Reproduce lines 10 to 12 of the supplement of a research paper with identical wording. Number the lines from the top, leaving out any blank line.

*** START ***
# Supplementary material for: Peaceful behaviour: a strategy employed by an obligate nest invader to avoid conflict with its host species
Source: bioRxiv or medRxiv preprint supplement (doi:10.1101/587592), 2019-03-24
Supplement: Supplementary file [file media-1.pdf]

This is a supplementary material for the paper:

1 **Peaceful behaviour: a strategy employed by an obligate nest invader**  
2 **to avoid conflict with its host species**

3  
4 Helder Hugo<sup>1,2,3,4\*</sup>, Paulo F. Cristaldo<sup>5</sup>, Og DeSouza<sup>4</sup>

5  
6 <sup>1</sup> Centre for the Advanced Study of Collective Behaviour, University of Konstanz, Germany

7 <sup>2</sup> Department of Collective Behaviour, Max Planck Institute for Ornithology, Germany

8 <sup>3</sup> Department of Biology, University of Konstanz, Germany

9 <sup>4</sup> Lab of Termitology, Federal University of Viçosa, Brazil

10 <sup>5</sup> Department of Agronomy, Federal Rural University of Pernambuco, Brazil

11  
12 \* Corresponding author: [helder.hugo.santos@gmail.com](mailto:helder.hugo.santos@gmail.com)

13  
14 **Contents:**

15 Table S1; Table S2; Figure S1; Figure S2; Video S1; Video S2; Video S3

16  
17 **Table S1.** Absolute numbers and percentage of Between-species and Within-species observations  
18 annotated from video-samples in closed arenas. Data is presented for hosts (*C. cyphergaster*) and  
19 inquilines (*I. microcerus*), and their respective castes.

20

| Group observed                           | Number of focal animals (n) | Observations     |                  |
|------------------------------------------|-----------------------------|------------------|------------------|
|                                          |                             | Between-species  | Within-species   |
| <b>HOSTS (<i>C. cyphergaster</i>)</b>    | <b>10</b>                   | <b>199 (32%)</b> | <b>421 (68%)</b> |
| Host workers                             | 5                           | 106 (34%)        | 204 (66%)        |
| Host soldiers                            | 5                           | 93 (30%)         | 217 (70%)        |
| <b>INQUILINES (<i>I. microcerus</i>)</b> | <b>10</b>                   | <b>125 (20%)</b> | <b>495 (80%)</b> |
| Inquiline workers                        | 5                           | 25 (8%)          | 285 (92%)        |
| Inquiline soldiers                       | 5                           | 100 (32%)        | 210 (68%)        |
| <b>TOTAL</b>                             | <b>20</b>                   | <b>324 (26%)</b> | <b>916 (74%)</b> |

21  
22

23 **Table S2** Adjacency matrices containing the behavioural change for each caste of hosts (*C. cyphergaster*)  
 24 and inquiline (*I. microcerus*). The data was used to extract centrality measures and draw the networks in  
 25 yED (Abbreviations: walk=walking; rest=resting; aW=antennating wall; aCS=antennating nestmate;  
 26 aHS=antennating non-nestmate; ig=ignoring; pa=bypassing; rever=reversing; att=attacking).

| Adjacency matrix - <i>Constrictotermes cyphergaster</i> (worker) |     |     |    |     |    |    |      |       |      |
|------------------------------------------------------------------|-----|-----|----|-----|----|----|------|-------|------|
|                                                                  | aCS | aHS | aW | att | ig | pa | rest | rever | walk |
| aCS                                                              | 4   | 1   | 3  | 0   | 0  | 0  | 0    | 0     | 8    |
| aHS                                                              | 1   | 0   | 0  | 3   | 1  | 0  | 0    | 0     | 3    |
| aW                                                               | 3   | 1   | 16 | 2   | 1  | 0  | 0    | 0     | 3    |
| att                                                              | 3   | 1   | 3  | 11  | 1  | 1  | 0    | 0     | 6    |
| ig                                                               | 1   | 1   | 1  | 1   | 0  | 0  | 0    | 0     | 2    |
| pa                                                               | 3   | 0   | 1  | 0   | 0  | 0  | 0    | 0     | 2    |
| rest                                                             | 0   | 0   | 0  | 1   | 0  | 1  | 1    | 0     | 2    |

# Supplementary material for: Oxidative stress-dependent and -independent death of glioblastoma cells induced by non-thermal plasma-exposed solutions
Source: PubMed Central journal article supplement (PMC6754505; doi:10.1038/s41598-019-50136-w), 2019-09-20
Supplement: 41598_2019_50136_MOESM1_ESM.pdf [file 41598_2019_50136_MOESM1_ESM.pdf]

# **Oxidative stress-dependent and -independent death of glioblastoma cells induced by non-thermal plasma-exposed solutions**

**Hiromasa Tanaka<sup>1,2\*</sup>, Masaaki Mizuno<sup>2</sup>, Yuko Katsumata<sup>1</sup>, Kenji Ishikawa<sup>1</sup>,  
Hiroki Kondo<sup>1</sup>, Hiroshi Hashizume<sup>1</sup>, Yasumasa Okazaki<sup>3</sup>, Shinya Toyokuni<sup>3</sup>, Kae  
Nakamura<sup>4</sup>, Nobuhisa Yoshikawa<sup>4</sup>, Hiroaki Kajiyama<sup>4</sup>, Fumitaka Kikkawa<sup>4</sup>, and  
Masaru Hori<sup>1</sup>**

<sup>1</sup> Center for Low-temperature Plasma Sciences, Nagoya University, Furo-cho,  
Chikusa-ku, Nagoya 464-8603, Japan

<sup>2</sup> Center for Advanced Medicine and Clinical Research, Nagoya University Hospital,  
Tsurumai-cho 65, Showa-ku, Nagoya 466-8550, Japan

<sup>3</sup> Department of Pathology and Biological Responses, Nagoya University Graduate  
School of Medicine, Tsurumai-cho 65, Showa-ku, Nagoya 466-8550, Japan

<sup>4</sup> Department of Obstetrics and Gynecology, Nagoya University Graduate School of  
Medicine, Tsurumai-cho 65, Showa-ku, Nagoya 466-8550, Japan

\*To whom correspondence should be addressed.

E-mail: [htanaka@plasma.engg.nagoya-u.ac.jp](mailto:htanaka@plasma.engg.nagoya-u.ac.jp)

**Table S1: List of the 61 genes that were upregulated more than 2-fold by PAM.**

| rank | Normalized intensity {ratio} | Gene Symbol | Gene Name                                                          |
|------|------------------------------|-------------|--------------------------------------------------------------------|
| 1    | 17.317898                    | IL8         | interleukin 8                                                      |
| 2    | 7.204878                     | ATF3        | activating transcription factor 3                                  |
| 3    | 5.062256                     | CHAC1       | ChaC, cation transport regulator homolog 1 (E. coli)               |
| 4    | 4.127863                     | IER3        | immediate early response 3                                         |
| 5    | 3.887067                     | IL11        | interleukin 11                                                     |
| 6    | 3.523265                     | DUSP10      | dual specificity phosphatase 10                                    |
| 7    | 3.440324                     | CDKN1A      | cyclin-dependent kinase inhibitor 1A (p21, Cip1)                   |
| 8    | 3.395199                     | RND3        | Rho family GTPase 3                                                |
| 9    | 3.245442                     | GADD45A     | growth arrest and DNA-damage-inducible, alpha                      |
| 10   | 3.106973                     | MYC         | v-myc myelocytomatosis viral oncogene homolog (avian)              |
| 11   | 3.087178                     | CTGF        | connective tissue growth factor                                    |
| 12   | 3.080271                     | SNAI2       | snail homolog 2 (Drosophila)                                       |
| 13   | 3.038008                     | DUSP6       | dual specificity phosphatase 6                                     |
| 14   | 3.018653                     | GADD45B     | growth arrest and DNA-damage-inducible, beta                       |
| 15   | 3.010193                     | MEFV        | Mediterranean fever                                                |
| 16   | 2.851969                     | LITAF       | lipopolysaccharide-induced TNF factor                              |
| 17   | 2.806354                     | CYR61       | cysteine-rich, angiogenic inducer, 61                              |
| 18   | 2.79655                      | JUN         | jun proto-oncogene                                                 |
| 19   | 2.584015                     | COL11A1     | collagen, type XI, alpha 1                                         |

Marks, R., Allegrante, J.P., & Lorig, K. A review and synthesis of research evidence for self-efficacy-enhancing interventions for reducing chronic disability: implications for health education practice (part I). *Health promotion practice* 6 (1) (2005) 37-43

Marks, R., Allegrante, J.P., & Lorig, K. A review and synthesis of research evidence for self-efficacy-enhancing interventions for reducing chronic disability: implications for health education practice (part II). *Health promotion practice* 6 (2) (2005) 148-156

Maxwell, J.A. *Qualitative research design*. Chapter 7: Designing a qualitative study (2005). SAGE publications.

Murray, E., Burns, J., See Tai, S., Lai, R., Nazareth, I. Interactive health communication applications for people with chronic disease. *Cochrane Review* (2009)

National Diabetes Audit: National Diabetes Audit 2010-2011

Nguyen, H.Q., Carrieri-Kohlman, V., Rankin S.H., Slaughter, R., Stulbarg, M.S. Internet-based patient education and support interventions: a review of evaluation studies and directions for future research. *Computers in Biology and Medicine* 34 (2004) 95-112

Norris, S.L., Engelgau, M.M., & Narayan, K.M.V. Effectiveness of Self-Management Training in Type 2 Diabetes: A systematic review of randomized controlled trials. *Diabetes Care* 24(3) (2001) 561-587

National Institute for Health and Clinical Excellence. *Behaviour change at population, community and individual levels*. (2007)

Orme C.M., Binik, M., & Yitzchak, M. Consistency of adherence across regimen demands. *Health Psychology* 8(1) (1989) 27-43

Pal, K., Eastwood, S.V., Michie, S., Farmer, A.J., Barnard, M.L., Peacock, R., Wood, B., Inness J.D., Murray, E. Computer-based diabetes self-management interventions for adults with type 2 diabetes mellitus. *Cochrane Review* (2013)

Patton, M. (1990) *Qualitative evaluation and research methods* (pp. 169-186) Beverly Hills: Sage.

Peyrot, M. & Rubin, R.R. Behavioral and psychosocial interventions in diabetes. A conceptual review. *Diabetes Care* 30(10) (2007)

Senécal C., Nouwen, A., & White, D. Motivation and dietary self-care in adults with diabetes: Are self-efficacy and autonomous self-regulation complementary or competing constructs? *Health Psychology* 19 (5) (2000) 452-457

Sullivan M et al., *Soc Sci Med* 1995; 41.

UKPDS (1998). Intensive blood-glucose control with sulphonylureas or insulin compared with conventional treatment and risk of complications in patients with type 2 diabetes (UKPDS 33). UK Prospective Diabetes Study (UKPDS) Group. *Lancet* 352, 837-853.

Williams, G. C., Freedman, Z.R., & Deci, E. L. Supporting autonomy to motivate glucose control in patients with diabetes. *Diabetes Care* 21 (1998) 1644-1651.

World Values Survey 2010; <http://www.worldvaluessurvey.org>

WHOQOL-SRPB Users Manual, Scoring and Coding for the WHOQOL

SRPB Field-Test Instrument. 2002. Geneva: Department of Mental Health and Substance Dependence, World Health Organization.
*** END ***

6 <sup>1</sup> Centre for the Advanced Study of Collective Behaviour, University of Konstanz, Germany

7 <sup>2</sup> Department of Collective Behaviour, Max Planck Institute for Ornithology, Germany

8 <sup>3</sup> Department of Biology, University of Konstanz, Germany